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  52. Only bothered to do one: IRON (iridium=IR, oxygen=O, nitrogen=N)

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  53. IRON--IR (Iridium)+O (Oxygen)
    + N (Nitrogen)

    2.) SILVER--SI (Silicon) + LV (Livermorium) + ER (Erbium)

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  54. IRON (iridium, oxygen, nitrogen), SILVER (silicon, livermorium, erbium)

    > I don't get a third element, but I do get a town in South Africa or a geographic feature in France.

    Lion's River, or River Solin

    > It's not carbon and manganese.

    Atomic numbers 6 and 25. The traditional gifts for the 6th and 25th anniversaries are IRON and SILVER

    >> This puzzle would come after the tree puzzle last week.
    > Or before it.

    Wood is the traditional gift for the 5th anniversary, wool for the 7th.

    > I found a Gary Larson cartoon that links this week's puzzle with last week's.

    It's a known fact that the sheep that give us steel wool have no natural enemies

    > Both big in historic Boston.

    Just three stops apart on the Freedom Trail: the home of SILVERsmith Paul Revere, and Old IRONsides, USS Constitution.

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  55. Iron was in one of the Jeopardy questions this week.

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    1. Jan: Do you recall the questions?

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    2. On Monday:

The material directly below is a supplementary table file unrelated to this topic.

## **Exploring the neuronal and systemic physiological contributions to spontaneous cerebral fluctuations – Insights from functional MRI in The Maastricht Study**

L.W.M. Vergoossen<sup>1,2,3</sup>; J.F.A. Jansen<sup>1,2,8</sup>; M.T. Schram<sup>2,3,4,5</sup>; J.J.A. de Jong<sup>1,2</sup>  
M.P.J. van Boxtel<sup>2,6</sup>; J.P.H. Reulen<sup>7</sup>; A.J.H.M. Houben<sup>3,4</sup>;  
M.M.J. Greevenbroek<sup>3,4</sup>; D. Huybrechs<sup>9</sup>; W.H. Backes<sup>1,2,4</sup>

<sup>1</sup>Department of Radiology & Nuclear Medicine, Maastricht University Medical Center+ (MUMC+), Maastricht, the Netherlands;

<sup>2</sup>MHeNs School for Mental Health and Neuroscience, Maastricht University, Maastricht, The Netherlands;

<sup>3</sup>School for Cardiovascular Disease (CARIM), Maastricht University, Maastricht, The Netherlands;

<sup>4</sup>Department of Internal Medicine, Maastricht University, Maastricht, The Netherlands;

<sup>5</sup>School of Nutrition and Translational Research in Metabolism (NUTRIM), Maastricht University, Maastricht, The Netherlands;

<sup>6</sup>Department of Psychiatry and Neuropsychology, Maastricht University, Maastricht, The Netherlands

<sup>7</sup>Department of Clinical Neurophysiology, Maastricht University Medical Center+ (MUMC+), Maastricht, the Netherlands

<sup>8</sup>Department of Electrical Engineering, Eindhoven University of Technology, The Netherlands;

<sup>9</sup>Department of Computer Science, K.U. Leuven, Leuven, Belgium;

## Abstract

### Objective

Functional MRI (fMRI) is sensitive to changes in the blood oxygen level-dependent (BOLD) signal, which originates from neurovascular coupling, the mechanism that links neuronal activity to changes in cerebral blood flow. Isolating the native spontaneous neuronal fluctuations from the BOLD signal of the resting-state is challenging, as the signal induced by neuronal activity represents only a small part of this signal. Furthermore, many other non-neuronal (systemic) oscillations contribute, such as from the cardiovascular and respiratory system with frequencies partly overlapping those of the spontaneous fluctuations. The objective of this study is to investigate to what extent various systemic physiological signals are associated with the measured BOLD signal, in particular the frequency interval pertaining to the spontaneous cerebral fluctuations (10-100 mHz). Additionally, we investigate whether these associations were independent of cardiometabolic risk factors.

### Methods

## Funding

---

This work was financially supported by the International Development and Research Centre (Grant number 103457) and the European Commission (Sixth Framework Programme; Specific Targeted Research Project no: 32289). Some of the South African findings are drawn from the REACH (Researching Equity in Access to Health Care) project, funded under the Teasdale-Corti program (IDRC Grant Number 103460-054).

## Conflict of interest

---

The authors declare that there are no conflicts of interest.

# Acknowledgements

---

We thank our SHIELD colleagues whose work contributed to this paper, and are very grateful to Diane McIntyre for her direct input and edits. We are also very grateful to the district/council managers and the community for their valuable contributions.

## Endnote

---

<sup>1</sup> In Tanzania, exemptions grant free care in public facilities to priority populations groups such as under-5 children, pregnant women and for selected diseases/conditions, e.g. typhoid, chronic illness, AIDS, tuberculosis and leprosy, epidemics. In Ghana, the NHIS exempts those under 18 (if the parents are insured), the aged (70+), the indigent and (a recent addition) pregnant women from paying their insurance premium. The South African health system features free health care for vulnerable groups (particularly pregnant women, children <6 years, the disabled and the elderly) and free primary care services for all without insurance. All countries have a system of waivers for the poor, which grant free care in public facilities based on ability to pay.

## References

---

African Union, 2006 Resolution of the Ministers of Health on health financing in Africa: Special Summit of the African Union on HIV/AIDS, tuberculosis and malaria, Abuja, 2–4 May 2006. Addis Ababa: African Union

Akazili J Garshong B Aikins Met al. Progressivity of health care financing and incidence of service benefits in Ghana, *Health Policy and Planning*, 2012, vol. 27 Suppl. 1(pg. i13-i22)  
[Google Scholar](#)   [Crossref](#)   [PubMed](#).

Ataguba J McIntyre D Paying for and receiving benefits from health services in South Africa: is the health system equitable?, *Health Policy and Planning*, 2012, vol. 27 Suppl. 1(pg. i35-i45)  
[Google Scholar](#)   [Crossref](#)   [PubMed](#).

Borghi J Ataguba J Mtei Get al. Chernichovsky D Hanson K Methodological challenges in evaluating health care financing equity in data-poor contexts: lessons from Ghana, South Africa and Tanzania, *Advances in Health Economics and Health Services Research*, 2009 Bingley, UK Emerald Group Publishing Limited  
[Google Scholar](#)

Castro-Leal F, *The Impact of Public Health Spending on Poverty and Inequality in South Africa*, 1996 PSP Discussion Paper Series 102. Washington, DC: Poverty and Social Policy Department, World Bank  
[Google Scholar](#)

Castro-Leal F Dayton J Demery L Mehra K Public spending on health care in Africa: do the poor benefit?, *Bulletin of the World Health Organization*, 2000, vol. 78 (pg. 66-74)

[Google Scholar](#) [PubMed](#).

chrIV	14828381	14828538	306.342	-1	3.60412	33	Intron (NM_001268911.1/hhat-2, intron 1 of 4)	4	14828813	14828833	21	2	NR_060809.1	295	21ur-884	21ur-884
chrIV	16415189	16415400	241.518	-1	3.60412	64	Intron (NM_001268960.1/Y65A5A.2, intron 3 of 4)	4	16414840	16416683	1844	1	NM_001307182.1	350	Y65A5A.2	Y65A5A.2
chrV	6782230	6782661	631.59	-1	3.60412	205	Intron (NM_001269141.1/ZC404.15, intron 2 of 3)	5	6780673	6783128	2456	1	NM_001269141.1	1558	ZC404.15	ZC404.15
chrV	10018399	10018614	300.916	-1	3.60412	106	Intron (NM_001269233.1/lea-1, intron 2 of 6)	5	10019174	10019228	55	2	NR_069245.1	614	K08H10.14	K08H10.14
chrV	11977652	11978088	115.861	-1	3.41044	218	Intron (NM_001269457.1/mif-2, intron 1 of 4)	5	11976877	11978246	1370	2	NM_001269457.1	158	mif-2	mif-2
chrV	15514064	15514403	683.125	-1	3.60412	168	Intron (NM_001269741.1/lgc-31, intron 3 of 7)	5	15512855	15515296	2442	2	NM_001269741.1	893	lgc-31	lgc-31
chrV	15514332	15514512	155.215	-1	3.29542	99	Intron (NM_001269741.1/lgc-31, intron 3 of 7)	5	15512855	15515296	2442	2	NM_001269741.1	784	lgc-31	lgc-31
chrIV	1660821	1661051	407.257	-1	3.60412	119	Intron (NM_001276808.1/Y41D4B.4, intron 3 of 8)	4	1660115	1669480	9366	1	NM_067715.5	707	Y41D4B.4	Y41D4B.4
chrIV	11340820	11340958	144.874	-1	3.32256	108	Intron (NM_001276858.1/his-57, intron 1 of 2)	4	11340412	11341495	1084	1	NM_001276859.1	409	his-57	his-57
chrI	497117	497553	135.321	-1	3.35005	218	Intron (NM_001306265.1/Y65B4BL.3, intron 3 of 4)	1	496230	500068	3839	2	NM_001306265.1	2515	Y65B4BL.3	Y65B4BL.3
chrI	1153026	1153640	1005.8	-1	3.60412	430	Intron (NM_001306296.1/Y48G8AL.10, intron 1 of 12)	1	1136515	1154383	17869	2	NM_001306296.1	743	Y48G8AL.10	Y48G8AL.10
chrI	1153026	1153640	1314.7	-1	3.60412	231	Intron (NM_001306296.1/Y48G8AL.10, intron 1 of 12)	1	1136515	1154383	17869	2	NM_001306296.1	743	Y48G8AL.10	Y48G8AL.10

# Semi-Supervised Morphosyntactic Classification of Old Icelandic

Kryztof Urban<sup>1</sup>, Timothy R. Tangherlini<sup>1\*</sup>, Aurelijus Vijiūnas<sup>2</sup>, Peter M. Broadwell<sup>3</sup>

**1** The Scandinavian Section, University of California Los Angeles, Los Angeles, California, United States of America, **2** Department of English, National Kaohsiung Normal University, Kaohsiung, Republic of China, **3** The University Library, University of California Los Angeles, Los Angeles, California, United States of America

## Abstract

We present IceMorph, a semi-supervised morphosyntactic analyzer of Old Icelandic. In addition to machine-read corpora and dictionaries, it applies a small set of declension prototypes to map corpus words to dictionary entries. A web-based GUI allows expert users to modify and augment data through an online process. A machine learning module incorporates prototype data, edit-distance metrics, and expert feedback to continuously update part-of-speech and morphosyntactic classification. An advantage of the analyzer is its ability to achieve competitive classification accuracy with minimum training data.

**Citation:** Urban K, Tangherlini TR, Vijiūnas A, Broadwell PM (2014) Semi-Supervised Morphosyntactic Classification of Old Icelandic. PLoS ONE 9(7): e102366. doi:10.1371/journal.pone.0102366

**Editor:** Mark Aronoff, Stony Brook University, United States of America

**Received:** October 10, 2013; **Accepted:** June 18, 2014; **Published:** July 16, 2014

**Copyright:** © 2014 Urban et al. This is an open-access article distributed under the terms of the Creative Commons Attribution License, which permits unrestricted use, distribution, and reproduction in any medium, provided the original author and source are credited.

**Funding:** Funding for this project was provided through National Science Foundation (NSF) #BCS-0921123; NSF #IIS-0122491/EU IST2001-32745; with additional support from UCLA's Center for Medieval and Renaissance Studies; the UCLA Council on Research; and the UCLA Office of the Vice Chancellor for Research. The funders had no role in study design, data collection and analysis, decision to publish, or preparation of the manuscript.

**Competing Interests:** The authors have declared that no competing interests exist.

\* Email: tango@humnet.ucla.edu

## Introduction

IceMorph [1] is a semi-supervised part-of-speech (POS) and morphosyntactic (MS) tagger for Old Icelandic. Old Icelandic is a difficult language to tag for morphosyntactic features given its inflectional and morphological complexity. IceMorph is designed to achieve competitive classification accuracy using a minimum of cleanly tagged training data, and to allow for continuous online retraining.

WORDS READ BACKWARDS

      Read backwards, a Japanese word for dried seaweed becomes this metal

      Tuesday's Final Jeopardy:

      ELEMENTS

      In his "Natural History" Pliny described it as "argentum vivum"

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    3. Thanks! Did you know the answers?

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    4. Yes. Nori -> iron, and "living silver" -> quicksilver, or mercury.

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  56. IRON; SILVER. My hints were:
    1. Impressive puzzle. (IRONing is ImPRESSive)
    2. I wasn't expecting another body part puzzle so quickly. (LIVERmorium)

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  57. I submitted silver, but copper is technically correct

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    1. Excuse me, but how the hell is copper technically correct?
      That would be:
      copper —> Co + Pp + Er
      While Co is Cobalt and Er is Erbium, there IS NO element with the abbreviation Pp!

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    2. P is Phosphorus, and I don't think the wording of the puzzle prohibits using an element twice.
      I wish I had thought of that!

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    3. Even then it would be expressed with 4 elements, not 3.

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    4. If an element may use FOUR element abbreviations is allowed, then: